ArtsAutosBooksBusinessEducationEntertainmentFamilyFashionFoodGamesGenderHealthHolidaysHomeHubPagesPersonal FinancePetsPoliticsReligionSportsTechnologyTravel

Tips For Parents Of Latchkey Children

Updated on November 15, 2014
When properly guided, a latchkey kid can learn responsibility through the experience.
When properly guided, a latchkey kid can learn responsibility through the experience.

The Profile Of A Latchkey Child

Eleven year old Samantha walks a short two blocks home from school every day. She hurries down the sidewalk, only stopping to wave to her friends along the way. She knows she must be home by 3:15 to catch her mother's phone call; even a lapse of five minutes will cause her mother concern. She reaches her home, punches in the code at the door and enters just in time to pick up the phone. Sam, as her mom calls her, is a latchkey kid.

Wikipedia defines a latchkey kid as a child who returns home from school to an empty house because his or her parents are away at work, or often left at home with little or no parental supervision. The term "latchkey" originated from a 1944 NBC documentary on World War II when one parent was called to war and the other parent had to work; thus, creating the children who were left at home. A latchkey to the house door was strung around the child's neck for safekeeping so that he or she could enter the home after school.

Today millions of children are left at home while parents work and are faced with having the responsibility of caring for themselves and sometimes their siblings. Depending upon the situation and the child, a child's latchkey experience can prove beneficial and build responsibility and self-confidence.

Statistics On Latchkey Kids

Percent or Number
2.4 million
Children under 12 home alone before or after school.
7 million (of 38 million)
5 - 14 year olds left to care for themselves six hours per week.
Children home alone 10 hours per week. (65% are 12- 14 years old)
5 - 8 year olds fend for themselves
3.4 million
Under care of sibling
Children from homes with income twice the poverty level. (11% are at poverty level)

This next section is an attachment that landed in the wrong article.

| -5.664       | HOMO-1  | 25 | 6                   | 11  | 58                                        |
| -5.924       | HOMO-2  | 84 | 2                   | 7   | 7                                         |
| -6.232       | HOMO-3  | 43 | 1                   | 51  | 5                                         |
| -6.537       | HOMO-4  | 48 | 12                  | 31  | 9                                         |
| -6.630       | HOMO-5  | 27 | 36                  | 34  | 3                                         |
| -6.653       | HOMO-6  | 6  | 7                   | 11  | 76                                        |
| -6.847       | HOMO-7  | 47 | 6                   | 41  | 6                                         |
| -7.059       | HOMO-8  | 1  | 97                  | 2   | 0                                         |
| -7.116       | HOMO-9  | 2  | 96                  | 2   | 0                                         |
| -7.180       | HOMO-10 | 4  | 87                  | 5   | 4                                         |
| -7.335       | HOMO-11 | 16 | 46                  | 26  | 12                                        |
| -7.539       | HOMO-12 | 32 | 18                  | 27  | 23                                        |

Children of single fathers are more likely to be left home alone.
Source: Child Advocate Home Alone
10/2000 report, based upon 1995 statistics

Cast Your Vote

Were you a latchkey kid?

See results

When Is It Safe To Leave Your Child Alone?

When I was a Director of Child Care, parents of middle school children often asked me if it was safe to leave their child home alone. At the time I was in a state that did not specify any age, but the health agency recommended twelve years of age as a safe guideline. The US legal law system specifications are not defined for children under the age of 18 being left home alone. However, should harm come to a child, parents can be held responsible by child social services and may face court proceedings.

Generally, I advise parents to consider the maturity of their child along with the age. They should consider past behavior regarding homework, chores and play activities. Have they demonstrated good choices and followed set rules? Parents must also chat with their child about how they feel being left alone for a period of time. Some children consider the time alone to be a sign of growing up and desire the opportunity. Other children are afraid of being home without adult supervision.

As a precaution, I do not advise leaving children under the age of ten home alone, they are not capable of making logical (cause and effect) decisions regarding safety should an emergency arise. And, never should a child be left home alone overnight!

LatchKey Kids Defined

Questions To Consider

Here are some questions to ask yourself when considering leaving a child at home alone:

  • How long will your child be home alone? Will it be during the morning hours before school or the afternoon hours after school?
  • Will he be required to fix himself a snack or a meal?
  • Will she be alone? If siblings are under her care, is she capable of this and willing to do so?
  • How child-safe is your home?
  • Do you believe your neighborhood is safe?
  • Is there someone close by who he can call if there is an emergency?

There are all questions that must be answered prior to making a decision to leave a child home alone. Rules must be set for guiding a child regarding the questions above. For instance, if required to make a meal is he allowed to use the stove?

Rules to discuss with your child are:

  • Must she remain indoors or can she play outside in the yard?
  • Can he ride his bike? And if yes, where?
  • Can she go to the neighborhood playground?
  • Is a visit to the next door neighbor allowed?
  • Can friends come over?
  • If the phone rings, should he answer it?
  • Is the use of computers, laptops, or TV an option?

Latchkey Kids Learn Responsibility!

Making Latchkey A Successful Experience

The average latchkey child is left home alone between 3 p.m to 6 p.m., and an average of six hours per week. When you consider this is a child, the time can be equitable to an adult's work day. Therefore, parents should consider how their child would fill the time they are alone. Boredom and loneliness are factors affecting the use of time left alone. If left without guidance, a child will resort to negative behavior and it may lead to depression, poor self-esteem, and reduced school performance.

Check-in: Set a rule on calling to check-in with a parent as soon as they enter the home. Some parents install an in-home security system to monitor a child's activity at home. Depending upon the brand, the system can be accessed from a computer or cell phone.